Air Peace was denied landing permit by the UK
The Nigerian government will review all its existing bilateral air services agreement with all countries, including the United Kingdom, says Nigeria’s Foreign Affairs Ministry, Geoffery Onyema.
Onyema stated this on Sunday via his Twitter handle shortly after the announcement that the British authorities refused Nigerian carrier, Air Peace, landing permit to operate a repatriation flight scheduled to depart London Heathrow airport on Monday.
“Having been allowed to carry out one very successful evacuation of Nigerians from London at very low fares, @flyairpeace in coordination with the @NigeriaGov and full knowledge of the UK authorities scheduled two additional flights.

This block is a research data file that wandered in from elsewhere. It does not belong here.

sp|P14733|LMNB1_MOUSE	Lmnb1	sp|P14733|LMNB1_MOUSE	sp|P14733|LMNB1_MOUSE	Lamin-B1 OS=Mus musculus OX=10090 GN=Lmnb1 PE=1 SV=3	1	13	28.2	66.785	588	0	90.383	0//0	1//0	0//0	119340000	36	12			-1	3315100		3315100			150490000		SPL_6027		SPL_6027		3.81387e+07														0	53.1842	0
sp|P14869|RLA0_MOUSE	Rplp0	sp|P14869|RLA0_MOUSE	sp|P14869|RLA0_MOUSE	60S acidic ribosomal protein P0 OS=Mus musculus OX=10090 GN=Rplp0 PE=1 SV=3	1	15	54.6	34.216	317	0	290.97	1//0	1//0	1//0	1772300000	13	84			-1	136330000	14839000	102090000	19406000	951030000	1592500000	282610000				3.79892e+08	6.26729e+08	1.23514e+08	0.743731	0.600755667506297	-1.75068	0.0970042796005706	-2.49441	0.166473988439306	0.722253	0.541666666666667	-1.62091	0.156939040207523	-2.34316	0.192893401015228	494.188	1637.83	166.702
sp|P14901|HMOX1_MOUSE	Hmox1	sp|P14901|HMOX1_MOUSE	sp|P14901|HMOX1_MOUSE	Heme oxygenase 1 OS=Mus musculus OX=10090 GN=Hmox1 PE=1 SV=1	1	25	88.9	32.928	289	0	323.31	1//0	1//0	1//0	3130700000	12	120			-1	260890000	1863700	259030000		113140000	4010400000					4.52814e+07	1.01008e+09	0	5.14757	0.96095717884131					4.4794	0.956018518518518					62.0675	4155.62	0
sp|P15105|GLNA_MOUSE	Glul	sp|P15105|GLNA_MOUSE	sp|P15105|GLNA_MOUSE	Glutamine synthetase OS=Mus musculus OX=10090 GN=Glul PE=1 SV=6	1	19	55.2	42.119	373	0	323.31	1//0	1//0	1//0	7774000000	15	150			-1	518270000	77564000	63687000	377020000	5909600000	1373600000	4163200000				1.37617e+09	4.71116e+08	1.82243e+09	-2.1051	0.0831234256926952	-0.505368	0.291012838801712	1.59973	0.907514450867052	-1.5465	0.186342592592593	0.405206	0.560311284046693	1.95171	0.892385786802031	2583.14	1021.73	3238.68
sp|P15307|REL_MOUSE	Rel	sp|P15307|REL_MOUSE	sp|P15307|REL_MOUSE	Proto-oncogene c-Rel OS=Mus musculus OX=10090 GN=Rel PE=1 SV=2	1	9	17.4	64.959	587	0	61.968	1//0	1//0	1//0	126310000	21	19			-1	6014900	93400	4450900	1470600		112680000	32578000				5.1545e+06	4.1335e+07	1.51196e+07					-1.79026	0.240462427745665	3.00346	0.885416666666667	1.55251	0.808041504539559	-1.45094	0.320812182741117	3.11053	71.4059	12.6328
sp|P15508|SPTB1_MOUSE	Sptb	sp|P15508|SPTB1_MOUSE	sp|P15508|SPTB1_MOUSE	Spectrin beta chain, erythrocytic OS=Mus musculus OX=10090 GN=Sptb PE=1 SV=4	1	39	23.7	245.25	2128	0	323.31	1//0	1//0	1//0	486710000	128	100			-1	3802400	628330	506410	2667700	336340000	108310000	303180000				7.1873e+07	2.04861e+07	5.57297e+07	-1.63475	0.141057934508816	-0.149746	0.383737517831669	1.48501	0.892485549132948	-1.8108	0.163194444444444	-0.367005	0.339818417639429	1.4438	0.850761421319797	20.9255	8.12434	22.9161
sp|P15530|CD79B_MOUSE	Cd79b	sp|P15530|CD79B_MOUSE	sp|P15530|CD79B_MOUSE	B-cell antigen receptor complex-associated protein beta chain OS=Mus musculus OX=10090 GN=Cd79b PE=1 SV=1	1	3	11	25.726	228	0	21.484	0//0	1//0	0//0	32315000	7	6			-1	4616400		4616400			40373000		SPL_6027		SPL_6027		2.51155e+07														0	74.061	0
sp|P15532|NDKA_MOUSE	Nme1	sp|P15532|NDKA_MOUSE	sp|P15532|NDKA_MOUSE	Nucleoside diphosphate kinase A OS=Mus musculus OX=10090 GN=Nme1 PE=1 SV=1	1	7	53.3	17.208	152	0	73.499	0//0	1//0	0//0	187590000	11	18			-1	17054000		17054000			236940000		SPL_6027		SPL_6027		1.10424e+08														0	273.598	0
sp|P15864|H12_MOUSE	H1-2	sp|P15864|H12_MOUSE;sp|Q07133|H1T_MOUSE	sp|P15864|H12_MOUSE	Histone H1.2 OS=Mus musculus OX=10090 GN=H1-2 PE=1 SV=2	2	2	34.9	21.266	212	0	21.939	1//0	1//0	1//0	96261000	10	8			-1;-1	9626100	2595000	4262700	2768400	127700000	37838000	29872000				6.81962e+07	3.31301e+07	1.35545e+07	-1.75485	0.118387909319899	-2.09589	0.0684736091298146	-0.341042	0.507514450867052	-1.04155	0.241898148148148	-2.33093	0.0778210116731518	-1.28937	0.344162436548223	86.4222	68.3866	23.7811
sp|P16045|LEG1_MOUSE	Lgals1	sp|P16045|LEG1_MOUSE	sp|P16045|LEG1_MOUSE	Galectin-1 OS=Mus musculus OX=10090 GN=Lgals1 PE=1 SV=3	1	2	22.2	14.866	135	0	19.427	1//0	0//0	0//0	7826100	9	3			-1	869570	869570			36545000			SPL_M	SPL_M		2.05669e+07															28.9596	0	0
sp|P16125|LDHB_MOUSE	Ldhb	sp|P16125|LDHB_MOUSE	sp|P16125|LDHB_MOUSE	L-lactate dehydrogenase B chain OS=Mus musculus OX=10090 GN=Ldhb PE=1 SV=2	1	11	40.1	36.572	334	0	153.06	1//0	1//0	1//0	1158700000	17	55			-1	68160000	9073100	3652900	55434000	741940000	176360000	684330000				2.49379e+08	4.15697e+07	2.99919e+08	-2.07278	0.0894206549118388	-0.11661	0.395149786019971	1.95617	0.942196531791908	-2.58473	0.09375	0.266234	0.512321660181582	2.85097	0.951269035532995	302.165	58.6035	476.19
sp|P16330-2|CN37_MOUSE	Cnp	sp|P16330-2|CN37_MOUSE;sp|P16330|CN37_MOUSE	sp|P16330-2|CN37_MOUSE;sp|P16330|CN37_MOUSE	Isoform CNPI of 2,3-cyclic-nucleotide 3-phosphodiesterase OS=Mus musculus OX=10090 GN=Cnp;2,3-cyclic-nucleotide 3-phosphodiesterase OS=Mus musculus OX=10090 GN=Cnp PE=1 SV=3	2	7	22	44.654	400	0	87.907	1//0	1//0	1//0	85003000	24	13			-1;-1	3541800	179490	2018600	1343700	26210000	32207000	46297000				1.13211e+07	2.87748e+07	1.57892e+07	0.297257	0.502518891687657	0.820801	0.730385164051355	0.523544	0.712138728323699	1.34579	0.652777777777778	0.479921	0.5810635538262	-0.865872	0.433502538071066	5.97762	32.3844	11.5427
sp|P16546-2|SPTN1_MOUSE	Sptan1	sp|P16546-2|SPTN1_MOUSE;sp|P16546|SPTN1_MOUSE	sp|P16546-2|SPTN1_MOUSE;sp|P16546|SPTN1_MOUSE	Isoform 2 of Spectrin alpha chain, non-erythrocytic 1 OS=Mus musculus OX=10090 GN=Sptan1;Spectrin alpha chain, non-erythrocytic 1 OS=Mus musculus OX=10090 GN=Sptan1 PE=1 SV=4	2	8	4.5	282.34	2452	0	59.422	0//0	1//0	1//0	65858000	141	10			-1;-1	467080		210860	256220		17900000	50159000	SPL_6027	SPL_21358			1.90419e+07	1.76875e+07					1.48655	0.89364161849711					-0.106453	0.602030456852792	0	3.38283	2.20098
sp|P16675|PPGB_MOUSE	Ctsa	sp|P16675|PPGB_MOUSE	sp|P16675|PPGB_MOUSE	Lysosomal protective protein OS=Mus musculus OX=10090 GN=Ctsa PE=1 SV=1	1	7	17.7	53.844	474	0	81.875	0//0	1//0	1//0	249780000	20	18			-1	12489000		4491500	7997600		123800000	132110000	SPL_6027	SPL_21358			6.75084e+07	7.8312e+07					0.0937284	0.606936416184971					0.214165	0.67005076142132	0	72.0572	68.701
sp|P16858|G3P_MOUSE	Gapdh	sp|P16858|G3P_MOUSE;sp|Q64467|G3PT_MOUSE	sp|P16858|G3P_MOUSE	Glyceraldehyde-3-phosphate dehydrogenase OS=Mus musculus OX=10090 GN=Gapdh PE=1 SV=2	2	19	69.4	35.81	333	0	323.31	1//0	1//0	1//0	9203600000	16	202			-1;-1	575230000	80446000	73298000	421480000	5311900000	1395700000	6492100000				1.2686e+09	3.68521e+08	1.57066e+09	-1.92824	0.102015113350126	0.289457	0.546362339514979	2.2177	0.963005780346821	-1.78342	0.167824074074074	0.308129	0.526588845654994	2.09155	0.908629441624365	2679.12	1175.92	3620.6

“All the arrangements were made including payments, only for the UK authorities to withdraw landing rights close to departure despite strong representations by the Nigerian Government including pointing out the hardship that would be caused to hundreds of Nigerian evacuees.
“Air Peace could have just refunded the passengers but exceptionally, patriotically and altruistically agreed to find an alternative carrier acceptable to the UK authorities to carry out the evacuation a day later than scheduled but for much higher fares.
“These higher fares could legitimately have been passed on to the evacuees but Air Peace bore this huge cost itself. This is to let the aggrieved evacuees know that the objects of their grievance should neither be Air Peace nor the Nigerian Government.
“They should rather be eternally grateful to Air Peace. The Nigerian Government will review its Air agreements with various countries as a result of the unacceptable treatment of Nigerian carriers during this pandemic,” Onyema said in his tweet.